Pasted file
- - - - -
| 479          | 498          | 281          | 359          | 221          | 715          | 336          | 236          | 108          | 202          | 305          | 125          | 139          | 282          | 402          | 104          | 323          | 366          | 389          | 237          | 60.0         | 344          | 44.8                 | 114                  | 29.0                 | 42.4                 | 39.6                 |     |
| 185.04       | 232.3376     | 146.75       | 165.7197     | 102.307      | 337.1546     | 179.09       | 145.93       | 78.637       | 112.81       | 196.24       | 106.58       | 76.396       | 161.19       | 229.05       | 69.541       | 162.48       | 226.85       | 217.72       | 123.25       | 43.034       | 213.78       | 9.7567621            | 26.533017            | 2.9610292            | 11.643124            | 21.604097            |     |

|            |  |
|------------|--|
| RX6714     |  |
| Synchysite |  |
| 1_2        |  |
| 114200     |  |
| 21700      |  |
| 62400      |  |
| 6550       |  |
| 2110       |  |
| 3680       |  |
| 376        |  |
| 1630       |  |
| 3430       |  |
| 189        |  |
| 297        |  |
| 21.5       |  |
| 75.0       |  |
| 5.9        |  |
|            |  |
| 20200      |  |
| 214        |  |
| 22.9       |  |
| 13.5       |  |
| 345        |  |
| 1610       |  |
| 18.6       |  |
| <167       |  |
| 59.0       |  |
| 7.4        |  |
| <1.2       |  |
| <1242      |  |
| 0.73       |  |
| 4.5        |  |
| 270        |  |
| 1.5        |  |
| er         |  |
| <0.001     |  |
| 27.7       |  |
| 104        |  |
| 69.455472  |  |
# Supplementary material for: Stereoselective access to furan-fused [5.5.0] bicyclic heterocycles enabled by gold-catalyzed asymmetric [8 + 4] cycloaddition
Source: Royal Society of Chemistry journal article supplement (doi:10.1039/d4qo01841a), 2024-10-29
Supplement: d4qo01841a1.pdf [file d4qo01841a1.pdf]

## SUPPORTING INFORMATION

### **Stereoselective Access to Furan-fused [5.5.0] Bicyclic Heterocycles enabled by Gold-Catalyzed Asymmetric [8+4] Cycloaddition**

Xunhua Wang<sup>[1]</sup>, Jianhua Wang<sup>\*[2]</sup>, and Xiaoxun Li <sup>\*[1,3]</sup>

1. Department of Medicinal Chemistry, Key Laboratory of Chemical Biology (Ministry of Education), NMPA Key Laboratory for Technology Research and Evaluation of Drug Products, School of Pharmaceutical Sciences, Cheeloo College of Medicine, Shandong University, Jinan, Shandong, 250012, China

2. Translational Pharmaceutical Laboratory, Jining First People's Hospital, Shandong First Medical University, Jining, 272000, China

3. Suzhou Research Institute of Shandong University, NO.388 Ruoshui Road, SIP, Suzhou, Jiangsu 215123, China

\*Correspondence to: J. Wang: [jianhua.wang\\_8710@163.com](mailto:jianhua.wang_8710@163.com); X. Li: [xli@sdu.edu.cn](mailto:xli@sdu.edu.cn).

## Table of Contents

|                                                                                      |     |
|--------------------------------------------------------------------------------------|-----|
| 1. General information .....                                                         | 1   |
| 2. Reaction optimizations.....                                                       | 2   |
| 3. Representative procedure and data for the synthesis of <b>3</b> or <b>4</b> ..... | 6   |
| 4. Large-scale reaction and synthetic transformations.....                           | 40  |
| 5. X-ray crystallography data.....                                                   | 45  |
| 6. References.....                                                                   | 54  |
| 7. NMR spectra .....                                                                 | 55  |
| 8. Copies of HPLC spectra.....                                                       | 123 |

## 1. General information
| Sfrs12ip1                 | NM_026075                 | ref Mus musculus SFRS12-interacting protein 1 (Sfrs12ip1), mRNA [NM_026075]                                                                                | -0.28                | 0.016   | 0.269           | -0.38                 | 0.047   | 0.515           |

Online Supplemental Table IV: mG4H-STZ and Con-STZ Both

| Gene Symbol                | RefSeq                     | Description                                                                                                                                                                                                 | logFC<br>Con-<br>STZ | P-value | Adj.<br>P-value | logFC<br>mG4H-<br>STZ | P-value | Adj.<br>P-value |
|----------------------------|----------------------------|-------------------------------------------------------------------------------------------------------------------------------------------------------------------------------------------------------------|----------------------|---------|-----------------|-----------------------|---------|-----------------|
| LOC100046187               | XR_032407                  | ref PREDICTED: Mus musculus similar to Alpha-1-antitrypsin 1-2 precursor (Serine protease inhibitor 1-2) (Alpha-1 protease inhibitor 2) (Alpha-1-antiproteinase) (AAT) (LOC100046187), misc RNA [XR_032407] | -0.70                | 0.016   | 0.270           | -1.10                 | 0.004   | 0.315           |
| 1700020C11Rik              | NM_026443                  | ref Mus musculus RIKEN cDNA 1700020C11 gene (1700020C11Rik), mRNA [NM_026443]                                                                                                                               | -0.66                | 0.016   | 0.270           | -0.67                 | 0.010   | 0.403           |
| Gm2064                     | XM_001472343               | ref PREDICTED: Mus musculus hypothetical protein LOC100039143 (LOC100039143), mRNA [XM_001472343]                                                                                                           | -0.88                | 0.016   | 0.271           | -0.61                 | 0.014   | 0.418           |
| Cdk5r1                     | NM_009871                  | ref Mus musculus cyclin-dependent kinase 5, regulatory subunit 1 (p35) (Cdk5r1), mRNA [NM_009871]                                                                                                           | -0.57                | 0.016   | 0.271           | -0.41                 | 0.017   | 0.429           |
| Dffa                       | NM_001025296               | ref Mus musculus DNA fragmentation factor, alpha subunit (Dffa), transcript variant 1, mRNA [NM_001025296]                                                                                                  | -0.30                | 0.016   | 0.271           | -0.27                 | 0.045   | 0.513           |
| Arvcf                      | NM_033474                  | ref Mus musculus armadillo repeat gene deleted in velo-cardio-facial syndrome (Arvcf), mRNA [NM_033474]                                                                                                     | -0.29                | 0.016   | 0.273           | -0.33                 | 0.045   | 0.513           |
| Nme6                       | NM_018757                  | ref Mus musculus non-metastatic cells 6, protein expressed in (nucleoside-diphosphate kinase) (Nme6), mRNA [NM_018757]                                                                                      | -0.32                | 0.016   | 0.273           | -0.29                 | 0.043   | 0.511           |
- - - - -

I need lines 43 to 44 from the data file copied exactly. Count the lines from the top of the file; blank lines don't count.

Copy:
| 69.455472  |  |
# Supplementary material for: Stereoselective access to furan-fused [5.5.0] bicyclic heterocycles enabled by gold-catalyzed asymmetric [8 + 4] cycloaddition